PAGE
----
In order to bring the situation under control, the Thai government is working on a draft law that will require there to be a minimum amount in the bank account of anyone wishing to obtain a tourist visa and raise the minimum income needed to obtain a retiree visa, which today is set at about 65,000 baht a month. But the law has many opponents, with local governors and entrepreneurs stressing the huge amount of income generated for the country by international tourism, which stands at about 7 per cent of GDP.

As the authorities try to work out what to do with these unwanted visitors, the latter play an endless game of hideand- seek with the Thai police. Once in a while they get caught and are sent to jail for a couple of weeks while officers try to fine them for overstaying. But given the general indifference of the embassies, who will pay? In the end, homeless Westerners are released and end up on the streets again.

Even if they were to get the money from their embassy or family, many of Thailand’s homeless farangs appear reluctant to leave.

“Go back to America? And do what?” asks Sylvester.

With few prospects and no help from family or friends back home, their situation might be even tougher should they return.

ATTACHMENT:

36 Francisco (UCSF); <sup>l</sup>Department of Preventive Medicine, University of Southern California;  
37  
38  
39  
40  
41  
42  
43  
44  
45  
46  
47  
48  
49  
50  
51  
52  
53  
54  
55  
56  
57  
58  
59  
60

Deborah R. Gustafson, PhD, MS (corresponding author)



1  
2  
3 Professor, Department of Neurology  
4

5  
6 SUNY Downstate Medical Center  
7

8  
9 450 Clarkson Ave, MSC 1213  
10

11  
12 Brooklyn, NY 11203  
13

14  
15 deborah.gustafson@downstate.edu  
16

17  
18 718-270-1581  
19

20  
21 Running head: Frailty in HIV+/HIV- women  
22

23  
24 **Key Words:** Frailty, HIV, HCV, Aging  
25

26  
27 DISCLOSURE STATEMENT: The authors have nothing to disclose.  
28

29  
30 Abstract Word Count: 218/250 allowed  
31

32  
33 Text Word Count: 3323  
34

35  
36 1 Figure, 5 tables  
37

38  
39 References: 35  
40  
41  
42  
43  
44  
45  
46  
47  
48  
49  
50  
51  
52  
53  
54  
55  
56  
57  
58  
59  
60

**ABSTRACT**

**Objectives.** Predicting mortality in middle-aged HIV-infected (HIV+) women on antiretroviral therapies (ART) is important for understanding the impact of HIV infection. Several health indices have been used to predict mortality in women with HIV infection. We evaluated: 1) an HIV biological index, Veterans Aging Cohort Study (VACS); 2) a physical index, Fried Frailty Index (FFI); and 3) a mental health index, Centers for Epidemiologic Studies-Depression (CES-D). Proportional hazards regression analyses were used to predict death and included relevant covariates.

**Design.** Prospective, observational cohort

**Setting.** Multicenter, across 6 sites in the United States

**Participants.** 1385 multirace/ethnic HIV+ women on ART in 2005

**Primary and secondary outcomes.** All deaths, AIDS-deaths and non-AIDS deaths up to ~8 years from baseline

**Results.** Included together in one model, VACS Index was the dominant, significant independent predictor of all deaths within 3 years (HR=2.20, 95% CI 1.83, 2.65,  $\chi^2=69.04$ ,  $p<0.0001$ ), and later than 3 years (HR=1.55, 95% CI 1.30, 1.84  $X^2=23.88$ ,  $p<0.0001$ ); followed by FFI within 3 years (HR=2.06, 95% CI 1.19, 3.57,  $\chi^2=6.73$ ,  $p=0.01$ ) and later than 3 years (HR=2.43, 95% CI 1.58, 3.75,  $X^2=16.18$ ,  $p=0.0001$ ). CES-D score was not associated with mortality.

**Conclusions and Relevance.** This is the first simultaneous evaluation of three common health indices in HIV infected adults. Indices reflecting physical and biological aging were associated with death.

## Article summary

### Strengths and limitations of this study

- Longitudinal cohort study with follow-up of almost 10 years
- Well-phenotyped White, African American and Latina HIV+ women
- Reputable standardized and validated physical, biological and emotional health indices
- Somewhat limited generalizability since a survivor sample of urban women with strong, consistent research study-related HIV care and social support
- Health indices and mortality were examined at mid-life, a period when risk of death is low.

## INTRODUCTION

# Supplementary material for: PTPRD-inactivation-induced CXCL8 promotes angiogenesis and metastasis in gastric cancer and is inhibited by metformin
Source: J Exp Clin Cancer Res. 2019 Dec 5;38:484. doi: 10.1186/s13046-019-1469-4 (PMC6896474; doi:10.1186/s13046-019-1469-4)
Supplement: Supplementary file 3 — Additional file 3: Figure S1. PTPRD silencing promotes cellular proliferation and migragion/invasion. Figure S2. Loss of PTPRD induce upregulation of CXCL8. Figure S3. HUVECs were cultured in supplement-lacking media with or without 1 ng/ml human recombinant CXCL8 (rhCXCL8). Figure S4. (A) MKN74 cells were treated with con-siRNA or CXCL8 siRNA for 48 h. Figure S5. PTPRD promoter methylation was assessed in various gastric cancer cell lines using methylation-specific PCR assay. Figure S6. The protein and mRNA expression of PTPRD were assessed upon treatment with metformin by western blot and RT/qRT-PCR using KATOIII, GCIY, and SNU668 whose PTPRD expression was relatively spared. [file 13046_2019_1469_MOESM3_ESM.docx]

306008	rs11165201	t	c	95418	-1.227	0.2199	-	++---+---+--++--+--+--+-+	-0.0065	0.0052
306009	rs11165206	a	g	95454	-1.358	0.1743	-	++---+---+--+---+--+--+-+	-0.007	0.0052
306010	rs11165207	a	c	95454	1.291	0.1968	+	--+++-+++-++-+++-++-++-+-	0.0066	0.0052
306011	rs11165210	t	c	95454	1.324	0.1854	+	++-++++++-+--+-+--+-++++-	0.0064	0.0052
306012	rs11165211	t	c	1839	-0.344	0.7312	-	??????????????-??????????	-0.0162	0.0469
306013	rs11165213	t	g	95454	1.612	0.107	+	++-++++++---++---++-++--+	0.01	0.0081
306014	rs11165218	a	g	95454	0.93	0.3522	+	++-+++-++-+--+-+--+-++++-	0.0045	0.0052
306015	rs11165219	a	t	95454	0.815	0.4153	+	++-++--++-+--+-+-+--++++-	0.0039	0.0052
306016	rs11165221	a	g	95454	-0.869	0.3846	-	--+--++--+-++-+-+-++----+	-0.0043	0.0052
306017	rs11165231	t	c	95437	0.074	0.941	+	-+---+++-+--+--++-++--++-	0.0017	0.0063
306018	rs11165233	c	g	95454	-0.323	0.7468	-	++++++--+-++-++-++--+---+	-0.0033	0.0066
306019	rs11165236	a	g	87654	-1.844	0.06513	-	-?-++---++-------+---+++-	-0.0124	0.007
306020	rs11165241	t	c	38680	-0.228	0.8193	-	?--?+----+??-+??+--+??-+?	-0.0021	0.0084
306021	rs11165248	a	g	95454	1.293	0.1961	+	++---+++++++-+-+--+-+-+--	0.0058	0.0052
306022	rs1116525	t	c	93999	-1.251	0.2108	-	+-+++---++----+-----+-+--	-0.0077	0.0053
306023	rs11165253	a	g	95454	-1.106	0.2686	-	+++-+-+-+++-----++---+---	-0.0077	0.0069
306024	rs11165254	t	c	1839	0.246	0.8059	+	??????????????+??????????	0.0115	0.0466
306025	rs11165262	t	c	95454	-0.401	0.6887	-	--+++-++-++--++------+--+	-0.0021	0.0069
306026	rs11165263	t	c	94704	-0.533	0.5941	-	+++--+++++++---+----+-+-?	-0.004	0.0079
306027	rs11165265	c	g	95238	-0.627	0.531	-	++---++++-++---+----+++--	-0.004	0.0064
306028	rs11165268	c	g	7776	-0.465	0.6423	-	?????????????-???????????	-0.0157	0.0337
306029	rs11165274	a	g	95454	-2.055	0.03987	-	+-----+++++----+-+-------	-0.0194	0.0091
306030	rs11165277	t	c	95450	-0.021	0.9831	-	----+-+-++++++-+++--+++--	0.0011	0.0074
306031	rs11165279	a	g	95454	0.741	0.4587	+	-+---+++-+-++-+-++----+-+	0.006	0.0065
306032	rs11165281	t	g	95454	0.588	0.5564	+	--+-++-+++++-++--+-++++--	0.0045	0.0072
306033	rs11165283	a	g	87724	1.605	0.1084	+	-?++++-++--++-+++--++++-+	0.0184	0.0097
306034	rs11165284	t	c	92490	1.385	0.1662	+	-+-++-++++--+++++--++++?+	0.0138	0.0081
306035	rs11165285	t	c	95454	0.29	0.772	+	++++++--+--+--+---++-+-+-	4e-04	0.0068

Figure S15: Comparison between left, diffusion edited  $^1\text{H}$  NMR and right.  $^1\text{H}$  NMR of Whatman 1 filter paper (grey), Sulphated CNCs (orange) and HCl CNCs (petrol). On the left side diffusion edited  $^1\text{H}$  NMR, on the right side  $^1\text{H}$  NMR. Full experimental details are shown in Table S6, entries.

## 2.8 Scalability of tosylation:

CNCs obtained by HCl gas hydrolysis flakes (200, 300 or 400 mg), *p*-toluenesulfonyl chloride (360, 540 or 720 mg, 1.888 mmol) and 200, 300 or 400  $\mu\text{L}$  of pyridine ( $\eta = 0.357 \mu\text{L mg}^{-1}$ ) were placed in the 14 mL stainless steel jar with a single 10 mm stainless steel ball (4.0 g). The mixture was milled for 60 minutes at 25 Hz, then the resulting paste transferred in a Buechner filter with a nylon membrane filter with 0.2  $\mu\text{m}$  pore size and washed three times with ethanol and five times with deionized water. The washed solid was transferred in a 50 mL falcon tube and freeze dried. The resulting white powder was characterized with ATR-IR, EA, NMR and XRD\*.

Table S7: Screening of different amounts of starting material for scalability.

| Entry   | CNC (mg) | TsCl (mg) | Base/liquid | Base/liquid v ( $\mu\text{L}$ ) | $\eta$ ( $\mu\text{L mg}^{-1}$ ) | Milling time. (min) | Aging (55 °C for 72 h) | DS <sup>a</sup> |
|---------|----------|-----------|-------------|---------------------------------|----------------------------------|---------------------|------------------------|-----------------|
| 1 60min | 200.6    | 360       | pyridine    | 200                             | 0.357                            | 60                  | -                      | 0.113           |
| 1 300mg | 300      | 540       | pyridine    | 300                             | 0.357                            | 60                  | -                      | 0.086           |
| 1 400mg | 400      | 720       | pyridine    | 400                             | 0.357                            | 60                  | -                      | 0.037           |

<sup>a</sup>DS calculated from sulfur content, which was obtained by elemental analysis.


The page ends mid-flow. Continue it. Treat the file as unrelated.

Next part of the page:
Sylvester says he is waiting for his military pension, which is supposed to kick in next year. In the meantime, he will stay in his street corner.

“All in all, it is much better to be homeless here than in the States. People are nice and you’re never cold.”

 


 

TONY, FROM THE Netherlands, is 44 and is squatting in an abandoned colonial-style house in Pattaya.

"I never let anybody see my secret place," he says proudly, as he shows us around. "At night, ladyboys come here with their customers, in the backyard, and go about their business … but I don't mind them, they don't mind me. They never come this side of the house."

A Catholic church group has been helping Tony and he is trying to reconnect with his ex-wife and two children, who live in Bangkok.

"This time I feel that I can make it right, I can get myself out of here," he says, assuring us he owns properties in Thailand and that it is only a matter of time before he will be rich again.

Carol Isoux